“Hop in my car,” he said, “I have a couple stored just around the corner.”
It turned out that “a couple” and “just around the corner” were both fibs: there were classic Jags stuffed in barns across half the county of Rutland. As well as the 420 we went to look at, we also saw various XJs, a 340 and a 420G. Under various dust covers I also spied the silhouettes of Rovers (P6 and SD1), a Triumph 2000, a couple of Morris vans and a Land Rover mark 1.
I was keen on the 420 until the old boy whipped the covers off a very rare postwar Mark V. That was the end of the conversation as far as my future wife was concerned.
Making the return journey to his house in his 20 year old Toyota Corolla, I asked the chap why he didn’t open some sort of museum?
“Well,” he said, “the cars are not all mine.” He then tapped his nose and added, “And the less Her Majesty’s Customs knows, the better. Ha ha!”
Lyons certainly got his money’s worth with the body tooling. This unitary shell – (dubbed Utah at the factory, trivia fans) could be in the running for the most facelifted of all time. First you had Utah Mark One – 1955-59. Then Utah Mark Two – 1959-66, which subsequently became the 240/340 series (’67-69). Additionally, we had Utah Mark Three (or XJ3) – the 1963 S-Type which continued until 1968 and of course, today’s celebrant, which to all intents and purposes was Utah Mark Four.
The Hemmings image is poignant. I expect the couple in the photo are now both dead. That was 1965.
Yes. I’ve been noticing quite a few happy young couples gazing at me from the past in car photos recently. If you find them poignant, I’m finding them even more so. Actually the conversation goes : “Just keep waving and smiling sweetheart. Once they’ve gone we can carry on burying the bodies”.
The 420 looks to me like the template for the XJ. Maybe these photos are flattering but I rather like its style. The wing pressings must have taken a huge amount of handwork to complete as well. In those days that was taken for granted. Today it makes the car look like a Rolls Royce. Stopgap does not really do the car a service.
All Jaguar bodies – until the advent of XJ40 anyway, used large quantities of lead filling to hide the joins. Very labour intensive and difficult to ensure uniform quality, not to mention rustproof. Looked lovely though. There used to be a running joke about Jaguar bodies weighing so much because of the volume of lead therein…
Mark X Appreciation Society member here. both the Ten/420G and the 420 look gorgeous to me, but not the S-Type. I’m still a decade away from having one of them as a daily driver, but can’t stop dreaming of it.
You’re a good man, Eduardo, don’t let anyone else tell you otherwise!
I was talking to a serial car collector a couple of days ago and he was saying that he had a hankering for a Mark 10. He (kindly) suggested that I would soon be just one of a small group of people who actually know what a new Mk10 / 420G was like to drive. Hmmm. But, yes, it was very nice to drive and, though I haven’t driven one for 45 years, it remains memorable for its comfort and a competence that belied its bulk and,I imagine, a long motorway or cross country trip in one would still be just as pleasant as ‘all those years ago’. So keep that dream going Eduardo!
dear DTW Jagmaniacs, what about an entry about this oddball?
The slightly awkward child of a Gordon-Keeble, an Alfa – and perhaps with some faulty genetic matter from a Camargue?
I’d rather say the front is a Triumph with a Jaguar grille tacked on. The rear wheelarch and C-pillar region reminds me of the first Opel Manta. Where do you spot Camargue?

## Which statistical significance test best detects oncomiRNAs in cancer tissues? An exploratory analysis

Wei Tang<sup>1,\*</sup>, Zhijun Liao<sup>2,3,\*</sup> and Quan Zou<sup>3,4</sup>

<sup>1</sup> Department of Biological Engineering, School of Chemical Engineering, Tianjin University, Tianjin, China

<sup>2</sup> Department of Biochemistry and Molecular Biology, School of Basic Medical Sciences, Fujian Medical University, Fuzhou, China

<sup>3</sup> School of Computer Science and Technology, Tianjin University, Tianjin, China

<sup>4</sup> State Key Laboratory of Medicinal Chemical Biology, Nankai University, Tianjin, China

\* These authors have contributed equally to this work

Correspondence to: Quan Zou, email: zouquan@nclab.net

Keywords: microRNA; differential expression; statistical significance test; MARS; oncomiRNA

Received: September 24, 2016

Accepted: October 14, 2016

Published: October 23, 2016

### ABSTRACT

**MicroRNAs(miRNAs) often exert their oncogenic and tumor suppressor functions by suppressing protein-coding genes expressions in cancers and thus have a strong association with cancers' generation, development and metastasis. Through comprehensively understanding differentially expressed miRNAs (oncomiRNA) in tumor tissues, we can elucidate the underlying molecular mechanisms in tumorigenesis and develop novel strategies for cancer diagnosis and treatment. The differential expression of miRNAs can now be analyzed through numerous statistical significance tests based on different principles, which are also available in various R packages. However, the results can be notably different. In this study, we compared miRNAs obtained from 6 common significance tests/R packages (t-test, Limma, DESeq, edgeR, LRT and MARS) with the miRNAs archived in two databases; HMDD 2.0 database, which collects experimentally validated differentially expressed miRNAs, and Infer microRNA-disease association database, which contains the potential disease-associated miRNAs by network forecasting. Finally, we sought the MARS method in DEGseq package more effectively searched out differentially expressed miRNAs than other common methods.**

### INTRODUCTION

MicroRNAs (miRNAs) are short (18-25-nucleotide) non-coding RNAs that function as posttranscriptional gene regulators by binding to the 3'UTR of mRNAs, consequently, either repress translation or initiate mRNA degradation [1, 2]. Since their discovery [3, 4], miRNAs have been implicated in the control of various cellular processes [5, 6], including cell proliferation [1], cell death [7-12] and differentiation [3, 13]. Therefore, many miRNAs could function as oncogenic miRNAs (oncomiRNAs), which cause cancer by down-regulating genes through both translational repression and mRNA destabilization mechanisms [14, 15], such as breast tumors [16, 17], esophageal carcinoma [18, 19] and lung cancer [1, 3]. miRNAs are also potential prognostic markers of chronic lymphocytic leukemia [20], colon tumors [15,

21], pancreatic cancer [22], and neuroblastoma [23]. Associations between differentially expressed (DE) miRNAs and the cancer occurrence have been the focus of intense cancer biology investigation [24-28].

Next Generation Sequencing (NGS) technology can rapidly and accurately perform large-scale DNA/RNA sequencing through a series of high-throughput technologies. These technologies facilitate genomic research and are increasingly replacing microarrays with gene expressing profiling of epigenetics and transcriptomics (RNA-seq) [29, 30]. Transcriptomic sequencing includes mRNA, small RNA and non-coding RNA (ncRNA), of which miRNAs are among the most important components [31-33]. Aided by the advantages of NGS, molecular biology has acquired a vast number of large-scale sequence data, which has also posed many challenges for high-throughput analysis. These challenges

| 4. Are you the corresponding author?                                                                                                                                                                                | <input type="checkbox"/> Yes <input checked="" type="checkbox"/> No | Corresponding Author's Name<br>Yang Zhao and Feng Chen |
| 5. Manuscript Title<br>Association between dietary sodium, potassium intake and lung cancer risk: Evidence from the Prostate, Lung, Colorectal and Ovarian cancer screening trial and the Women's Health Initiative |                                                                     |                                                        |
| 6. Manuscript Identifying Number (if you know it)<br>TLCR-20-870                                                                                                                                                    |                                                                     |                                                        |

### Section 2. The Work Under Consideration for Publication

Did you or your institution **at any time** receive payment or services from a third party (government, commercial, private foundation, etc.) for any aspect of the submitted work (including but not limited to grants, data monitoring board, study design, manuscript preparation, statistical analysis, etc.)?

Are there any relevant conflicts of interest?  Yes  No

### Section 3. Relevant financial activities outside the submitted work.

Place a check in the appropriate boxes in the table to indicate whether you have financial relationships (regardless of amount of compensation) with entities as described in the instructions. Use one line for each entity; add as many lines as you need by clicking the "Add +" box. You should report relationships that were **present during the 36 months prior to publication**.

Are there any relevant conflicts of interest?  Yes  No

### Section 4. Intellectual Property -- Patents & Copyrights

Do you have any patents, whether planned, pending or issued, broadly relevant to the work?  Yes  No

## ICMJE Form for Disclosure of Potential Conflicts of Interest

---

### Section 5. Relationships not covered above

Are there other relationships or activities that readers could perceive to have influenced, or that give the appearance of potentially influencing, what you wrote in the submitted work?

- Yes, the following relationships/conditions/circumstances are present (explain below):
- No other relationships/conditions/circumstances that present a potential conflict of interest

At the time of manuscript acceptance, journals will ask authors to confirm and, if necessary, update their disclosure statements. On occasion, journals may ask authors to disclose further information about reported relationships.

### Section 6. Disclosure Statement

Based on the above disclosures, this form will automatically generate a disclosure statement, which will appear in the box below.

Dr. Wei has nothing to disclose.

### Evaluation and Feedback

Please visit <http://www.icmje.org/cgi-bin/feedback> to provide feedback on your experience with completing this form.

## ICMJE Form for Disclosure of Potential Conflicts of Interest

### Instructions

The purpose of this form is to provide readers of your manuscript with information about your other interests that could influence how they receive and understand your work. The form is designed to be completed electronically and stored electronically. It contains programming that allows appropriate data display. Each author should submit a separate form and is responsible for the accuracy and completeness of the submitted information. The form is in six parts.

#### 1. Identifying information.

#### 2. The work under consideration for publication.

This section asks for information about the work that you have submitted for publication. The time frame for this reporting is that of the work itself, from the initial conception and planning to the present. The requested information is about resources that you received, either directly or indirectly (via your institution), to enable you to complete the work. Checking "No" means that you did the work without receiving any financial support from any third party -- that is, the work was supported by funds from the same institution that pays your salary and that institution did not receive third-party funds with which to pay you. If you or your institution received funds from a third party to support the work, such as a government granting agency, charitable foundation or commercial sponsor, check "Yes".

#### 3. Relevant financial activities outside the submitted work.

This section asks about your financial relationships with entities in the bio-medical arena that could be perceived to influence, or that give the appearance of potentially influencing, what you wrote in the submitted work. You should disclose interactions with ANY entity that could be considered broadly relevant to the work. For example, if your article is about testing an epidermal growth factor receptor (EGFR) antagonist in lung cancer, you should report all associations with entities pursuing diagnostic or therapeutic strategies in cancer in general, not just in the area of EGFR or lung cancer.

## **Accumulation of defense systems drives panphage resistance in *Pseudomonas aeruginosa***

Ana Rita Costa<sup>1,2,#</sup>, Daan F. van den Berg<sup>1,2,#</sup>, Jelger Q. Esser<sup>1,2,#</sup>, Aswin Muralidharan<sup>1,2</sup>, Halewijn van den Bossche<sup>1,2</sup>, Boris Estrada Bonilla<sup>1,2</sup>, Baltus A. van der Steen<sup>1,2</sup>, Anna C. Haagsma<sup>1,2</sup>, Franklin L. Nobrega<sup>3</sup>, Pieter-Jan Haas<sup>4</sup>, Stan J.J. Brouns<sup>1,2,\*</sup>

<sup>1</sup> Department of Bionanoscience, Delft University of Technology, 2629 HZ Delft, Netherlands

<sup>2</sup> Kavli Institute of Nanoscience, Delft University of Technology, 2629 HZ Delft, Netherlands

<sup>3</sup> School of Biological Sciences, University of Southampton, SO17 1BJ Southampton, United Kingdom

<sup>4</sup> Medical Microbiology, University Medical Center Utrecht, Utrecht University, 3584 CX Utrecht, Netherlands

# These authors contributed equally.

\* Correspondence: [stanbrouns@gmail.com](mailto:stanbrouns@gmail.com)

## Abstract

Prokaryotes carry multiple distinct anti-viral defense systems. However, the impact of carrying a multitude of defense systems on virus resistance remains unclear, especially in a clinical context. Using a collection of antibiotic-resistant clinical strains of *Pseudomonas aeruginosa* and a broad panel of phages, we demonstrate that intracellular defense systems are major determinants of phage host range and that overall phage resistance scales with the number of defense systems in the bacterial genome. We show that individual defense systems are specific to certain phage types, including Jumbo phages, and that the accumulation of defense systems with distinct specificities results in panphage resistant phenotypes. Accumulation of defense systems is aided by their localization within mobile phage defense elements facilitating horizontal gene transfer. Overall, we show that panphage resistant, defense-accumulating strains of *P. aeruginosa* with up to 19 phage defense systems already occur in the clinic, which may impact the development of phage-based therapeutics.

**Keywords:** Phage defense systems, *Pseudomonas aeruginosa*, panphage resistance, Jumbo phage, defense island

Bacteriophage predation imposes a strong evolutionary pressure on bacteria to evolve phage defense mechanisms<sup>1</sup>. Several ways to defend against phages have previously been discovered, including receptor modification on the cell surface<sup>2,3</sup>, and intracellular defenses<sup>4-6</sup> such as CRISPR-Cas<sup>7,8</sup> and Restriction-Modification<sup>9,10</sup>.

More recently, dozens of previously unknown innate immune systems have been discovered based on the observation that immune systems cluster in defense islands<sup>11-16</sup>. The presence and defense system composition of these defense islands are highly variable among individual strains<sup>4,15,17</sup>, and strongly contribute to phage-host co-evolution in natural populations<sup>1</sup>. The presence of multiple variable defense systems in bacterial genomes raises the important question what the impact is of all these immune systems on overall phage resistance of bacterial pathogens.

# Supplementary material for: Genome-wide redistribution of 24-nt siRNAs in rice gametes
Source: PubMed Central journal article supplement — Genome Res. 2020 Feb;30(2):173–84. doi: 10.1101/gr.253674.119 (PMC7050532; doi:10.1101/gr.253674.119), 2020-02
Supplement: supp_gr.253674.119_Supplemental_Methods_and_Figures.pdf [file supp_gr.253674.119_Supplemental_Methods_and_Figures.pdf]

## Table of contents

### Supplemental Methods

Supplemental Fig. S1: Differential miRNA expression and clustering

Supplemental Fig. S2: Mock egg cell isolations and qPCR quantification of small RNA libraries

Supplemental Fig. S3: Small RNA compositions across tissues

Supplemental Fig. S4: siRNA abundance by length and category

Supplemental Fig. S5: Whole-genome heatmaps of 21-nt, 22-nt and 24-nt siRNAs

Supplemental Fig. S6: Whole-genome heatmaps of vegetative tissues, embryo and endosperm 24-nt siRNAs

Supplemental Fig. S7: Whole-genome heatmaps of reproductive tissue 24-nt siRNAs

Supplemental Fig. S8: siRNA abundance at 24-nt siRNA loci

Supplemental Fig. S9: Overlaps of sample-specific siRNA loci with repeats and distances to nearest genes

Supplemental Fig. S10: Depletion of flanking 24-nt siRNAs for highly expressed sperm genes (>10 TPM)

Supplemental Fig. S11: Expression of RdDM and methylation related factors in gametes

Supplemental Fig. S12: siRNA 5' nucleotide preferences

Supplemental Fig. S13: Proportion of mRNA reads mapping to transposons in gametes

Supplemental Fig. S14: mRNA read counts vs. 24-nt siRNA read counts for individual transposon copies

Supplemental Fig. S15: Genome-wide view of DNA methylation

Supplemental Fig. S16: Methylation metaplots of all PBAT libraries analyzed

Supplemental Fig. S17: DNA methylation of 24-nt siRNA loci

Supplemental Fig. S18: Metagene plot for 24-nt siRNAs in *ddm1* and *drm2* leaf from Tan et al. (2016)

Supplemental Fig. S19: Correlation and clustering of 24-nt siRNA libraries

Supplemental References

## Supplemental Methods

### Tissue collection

I would have said Vauxhall Viva. Thanks Eduardo for bringing it up; coach-builders are a constant trove of riches.
Jaguar and the carrozzerie never went all that well together (XJ facelift excepted). Maybe Sir William’s imprint on the cars was too strong for outside stylists to fully grasp and successfully merge with their own ideas?
But apart from the silly grille, it’s not too bad (was it Giugiaro who actually penned it?). It reminds me of an oversized, slightly fussier predecessor of Bertone’s/Gandini’s Garmisch prototype.
I always liked Bertone’s/Gandini’s Pirana. But Ferruccio Lamborghini liked it better.
Though I’d forgotten that this started off the ill practice of transverse leapers.
I can see Camargue in the proportions and Opel and Triumph in the details. It´s interesting but not the Jaguar that Jaguar should have produced. Lost opportunity it is not. It raises the question as to whether one should keep a family resemblance to a coach-built car or use the mechanicals as a starting point. If they were going to go down the latter route then drop the Jaguar grille and give it a new name. Thanks for posting that. It is utterly new to me. It needs to be given the Classic & Sportscar treatment of a milquetoast four page review that fails to mention its flaws and waxes lyrical over how wonderful serial production at 15,000 a year would have saved Browns Lane.
“It needs to be given the Classic & Sportscar treatment of a milquetoast four page review that fails to mention its flaws and waxes lyrical over how wonderful serial production at 15,000 a year would have saved Browns Lane.”
LOL, or how wonderful serial production at 50,000 a year would have saved the whole British Leyland!
Eduardo: yes, 50,000 would be even better. Still, it´s great to see these alternative visions. The car is from 1966 – did Michelotti rip off the front end for the 1971 Triumph 25000? Or is there an earlier car with a similar treatment around the lamps?
A Triumph Triumph 25,000? That’s 1970s inflation for you.
The irony of writing Triumph twice there is not lost on me.
Silly me. I was looking for GS Camargue clues, but now realise everyone is talking about a Rolls Royce.
Eduardo: What began as a comment relating to the Bertone FT is scheduled for tomorrow as a full blown post. That’s your fault…